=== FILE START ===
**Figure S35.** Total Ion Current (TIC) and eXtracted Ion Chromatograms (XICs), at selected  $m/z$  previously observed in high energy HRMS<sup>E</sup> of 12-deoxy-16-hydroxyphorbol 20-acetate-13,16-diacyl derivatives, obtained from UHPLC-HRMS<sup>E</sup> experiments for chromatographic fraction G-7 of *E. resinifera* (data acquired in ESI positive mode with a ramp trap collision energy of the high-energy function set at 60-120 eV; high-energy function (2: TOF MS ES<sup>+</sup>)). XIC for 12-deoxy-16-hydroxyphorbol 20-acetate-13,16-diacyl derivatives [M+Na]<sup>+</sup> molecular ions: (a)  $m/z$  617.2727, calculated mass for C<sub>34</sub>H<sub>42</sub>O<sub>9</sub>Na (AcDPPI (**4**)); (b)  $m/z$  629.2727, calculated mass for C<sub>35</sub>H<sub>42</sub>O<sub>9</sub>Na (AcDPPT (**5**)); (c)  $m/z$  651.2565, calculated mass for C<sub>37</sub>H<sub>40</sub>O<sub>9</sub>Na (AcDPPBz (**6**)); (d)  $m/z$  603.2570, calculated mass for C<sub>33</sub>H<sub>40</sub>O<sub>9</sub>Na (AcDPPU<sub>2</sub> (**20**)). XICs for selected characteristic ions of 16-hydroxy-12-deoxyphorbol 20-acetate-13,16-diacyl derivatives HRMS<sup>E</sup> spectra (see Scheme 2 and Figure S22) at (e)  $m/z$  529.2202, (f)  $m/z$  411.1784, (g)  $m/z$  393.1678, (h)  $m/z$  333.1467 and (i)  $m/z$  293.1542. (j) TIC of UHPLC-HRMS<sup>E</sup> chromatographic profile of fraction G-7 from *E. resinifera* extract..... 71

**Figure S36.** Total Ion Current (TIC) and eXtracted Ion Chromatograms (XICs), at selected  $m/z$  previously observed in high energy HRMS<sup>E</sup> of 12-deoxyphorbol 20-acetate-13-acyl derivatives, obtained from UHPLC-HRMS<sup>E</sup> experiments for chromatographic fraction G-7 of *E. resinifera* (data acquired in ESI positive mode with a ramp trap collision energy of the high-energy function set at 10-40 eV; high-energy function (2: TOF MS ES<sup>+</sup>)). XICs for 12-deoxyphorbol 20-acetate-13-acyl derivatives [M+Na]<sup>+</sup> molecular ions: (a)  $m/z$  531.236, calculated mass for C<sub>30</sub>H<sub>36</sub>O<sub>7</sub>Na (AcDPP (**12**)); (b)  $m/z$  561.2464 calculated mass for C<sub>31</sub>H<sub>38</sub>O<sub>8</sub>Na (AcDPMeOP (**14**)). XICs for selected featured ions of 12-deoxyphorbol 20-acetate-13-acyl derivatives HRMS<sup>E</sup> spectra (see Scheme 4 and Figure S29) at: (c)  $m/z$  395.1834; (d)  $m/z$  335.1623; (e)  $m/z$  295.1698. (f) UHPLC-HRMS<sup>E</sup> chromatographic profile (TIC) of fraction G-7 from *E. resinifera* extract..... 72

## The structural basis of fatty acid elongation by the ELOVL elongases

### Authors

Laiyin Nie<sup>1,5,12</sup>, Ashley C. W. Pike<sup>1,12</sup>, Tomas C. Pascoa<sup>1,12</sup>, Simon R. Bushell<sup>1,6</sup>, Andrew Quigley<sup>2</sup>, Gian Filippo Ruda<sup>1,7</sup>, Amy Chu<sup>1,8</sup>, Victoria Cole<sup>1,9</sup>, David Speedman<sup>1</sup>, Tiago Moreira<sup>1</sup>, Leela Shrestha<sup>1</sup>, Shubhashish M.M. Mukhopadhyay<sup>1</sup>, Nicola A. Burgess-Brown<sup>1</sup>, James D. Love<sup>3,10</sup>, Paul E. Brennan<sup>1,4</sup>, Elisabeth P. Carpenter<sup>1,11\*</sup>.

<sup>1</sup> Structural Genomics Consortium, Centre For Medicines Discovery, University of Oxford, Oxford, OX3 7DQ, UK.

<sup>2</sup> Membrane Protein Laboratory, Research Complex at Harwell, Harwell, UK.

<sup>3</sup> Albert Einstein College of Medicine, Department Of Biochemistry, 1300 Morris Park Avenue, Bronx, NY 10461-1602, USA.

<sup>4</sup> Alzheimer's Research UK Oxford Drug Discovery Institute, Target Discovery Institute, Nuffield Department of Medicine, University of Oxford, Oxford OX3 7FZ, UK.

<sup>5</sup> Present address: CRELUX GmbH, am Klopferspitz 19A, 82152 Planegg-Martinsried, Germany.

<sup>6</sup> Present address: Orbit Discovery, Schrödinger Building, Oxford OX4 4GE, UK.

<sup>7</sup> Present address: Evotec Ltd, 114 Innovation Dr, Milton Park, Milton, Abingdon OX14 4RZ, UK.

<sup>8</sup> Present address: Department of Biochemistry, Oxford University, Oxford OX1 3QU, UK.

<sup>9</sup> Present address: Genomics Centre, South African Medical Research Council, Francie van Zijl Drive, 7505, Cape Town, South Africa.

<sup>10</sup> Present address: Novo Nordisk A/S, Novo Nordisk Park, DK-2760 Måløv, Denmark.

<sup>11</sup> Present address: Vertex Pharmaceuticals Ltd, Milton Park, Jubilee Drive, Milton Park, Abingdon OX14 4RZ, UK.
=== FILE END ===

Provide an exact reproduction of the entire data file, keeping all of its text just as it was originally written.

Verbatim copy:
**Figure S35.** Total Ion Current (TIC) and eXtracted Ion Chromatograms (XICs), at selected  $m/z$  previously observed in high energy HRMS<sup>E</sup> of 12-deoxy-16-hydroxyphorbol 20-acetate-13,16-diacyl derivatives, obtained from UHPLC-HRMS<sup>E</sup> experiments for chromatographic fraction G-7 of *E. resinifera* (data acquired in ESI positive mode with a ramp trap collision energy of the high-energy function set at 60-120 eV; high-energy function (2: TOF MS ES<sup>+</sup>)). XIC for 12-deoxy-16-hydroxyphorbol 20-acetate-13,16-diacyl derivatives [M+Na]<sup>+</sup> molecular ions: (a)  $m/z$  617.2727, calculated mass for C<sub>34</sub>H<sub>42</sub>O<sub>9</sub>Na (AcDPPI (**4**)); (b)  $m/z$  629.2727, calculated mass for C<sub>35</sub>H<sub>42</sub>O<sub>9</sub>Na (AcDPPT (**5**)); (c)  $m/z$  651.2565, calculated mass for C<sub>37</sub>H<sub>40</sub>O<sub>9</sub>Na (AcDPPBz (**6**)); (d)  $m/z$  603.2570, calculated mass for C<sub>33</sub>H<sub>40</sub>O<sub>9</sub>Na (AcDPPU<sub>2</sub> (**20**)). XICs for selected characteristic ions of 16-hydroxy-12-deoxyphorbol 20-acetate-13,16-diacyl derivatives HRMS<sup>E</sup> spectra (see Scheme 2 and Figure S22) at (e)  $m/z$  529.2202, (f)  $m/z$  411.1784, (g)  $m/z$  393.1678, (h)  $m/z$  333.1467 and (i)  $m/z$  293.1542. (j) TIC of UHPLC-HRMS<sup>E</sup> chromatographic profile of fraction G-7 from *E. resinifera* extract..... 71

**Figure S36.** Total Ion Current (TIC) and eXtracted Ion Chromatograms (XICs), at selected  $m/z$  previously observed in high energy HRMS<sup>E</sup> of 12-deoxyphorbol 20-acetate-13-acyl derivatives, obtained from UHPLC-HRMS<sup>E</sup> experiments for chromatographic fraction G-7 of *E. resinifera* (data acquired in ESI positive mode with a ramp trap collision energy of the high-energy function set at 10-40 eV; high-energy function (2: TOF MS ES<sup>+</sup>)). XICs for 12-deoxyphorbol 20-acetate-13-acyl derivatives [M+Na]<sup>+</sup> molecular ions: (a)  $m/z$  531.236, calculated mass for C<sub>30</sub>H<sub>36</sub>O<sub>7</sub>Na (AcDPP (**12**)); (b)  $m/z$  561.2464 calculated mass for C<sub>31</sub>H<sub>38</sub>O<sub>8</sub>Na (AcDPMeOP (**14**)). XICs for selected featured ions of 12-deoxyphorbol 20-acetate-13-acyl derivatives HRMS<sup>E</sup> spectra (see Scheme 4 and Figure S29) at: (c)  $m/z$  395.1834; (d)  $m/z$  335.1623; (e)  $m/z$  295.1698. (f) UHPLC-HRMS<sup>E</sup> chromatographic profile (TIC) of fraction G-7 from *E. resinifera* extract..... 72

## The structural basis of fatty acid elongation by the ELOVL elongases

### Authors

Laiyin Nie<sup>1,5,12</sup>, Ashley C. W. Pike<sup>1,12</sup>, Tomas C. Pascoa<sup>1,12</sup>, Simon R. Bushell<sup>1,6</sup>, Andrew Quigley<sup>2</sup>, Gian Filippo Ruda<sup>1,7</sup>, Amy Chu<sup>1,8</sup>, Victoria Cole<sup>1,9</sup>, David Speedman<sup>1</sup>, Tiago Moreira<sup>1</sup>, Leela Shrestha<sup>1</sup>, Shubhashish M.M. Mukhopadhyay<sup>1</sup>, Nicola A. Burgess-Brown<sup>1</sup>, James D. Love<sup>3,10</sup>, Paul E. Brennan<sup>1,4</sup>, Elisabeth P. Carpenter<sup>1,11\*</sup>.

<sup>1</sup> Structural Genomics Consortium, Centre For Medicines Discovery, University of Oxford, Oxford, OX3 7DQ, UK.

<sup>2</sup> Membrane Protein Laboratory, Research Complex at Harwell, Harwell, UK.

<sup>3</sup> Albert Einstein College of Medicine, Department Of Biochemistry, 1300 Morris Park Avenue, Bronx, NY 10461-1602, USA.

<sup>4</sup> Alzheimer's Research UK Oxford Drug Discovery Institute, Target Discovery Institute, Nuffield Department of Medicine, University of Oxford, Oxford OX3 7FZ, UK.

<sup>5</sup> Present address: CRELUX GmbH, am Klopferspitz 19A, 82152 Planegg-Martinsried, Germany.

<sup>6</sup> Present address: Orbit Discovery, Schrödinger Building, Oxford OX4 4GE, UK.

<sup>7</sup> Present address: Evotec Ltd, 114 Innovation Dr, Milton Park, Milton, Abingdon OX14 4RZ, UK.

<sup>8</sup> Present address: Department of Biochemistry, Oxford University, Oxford OX1 3QU, UK.

<sup>9</sup> Present address: Genomics Centre, South African Medical Research Council, Francie van Zijl Drive, 7505, Cape Town, South Africa.

<sup>10</sup> Present address: Novo Nordisk A/S, Novo Nordisk Park, DK-2760 Måløv, Denmark.

<sup>11</sup> Present address: Vertex Pharmaceuticals Ltd, Milton Park, Jubilee Drive, Milton Park, Abingdon OX14 4RZ, UK.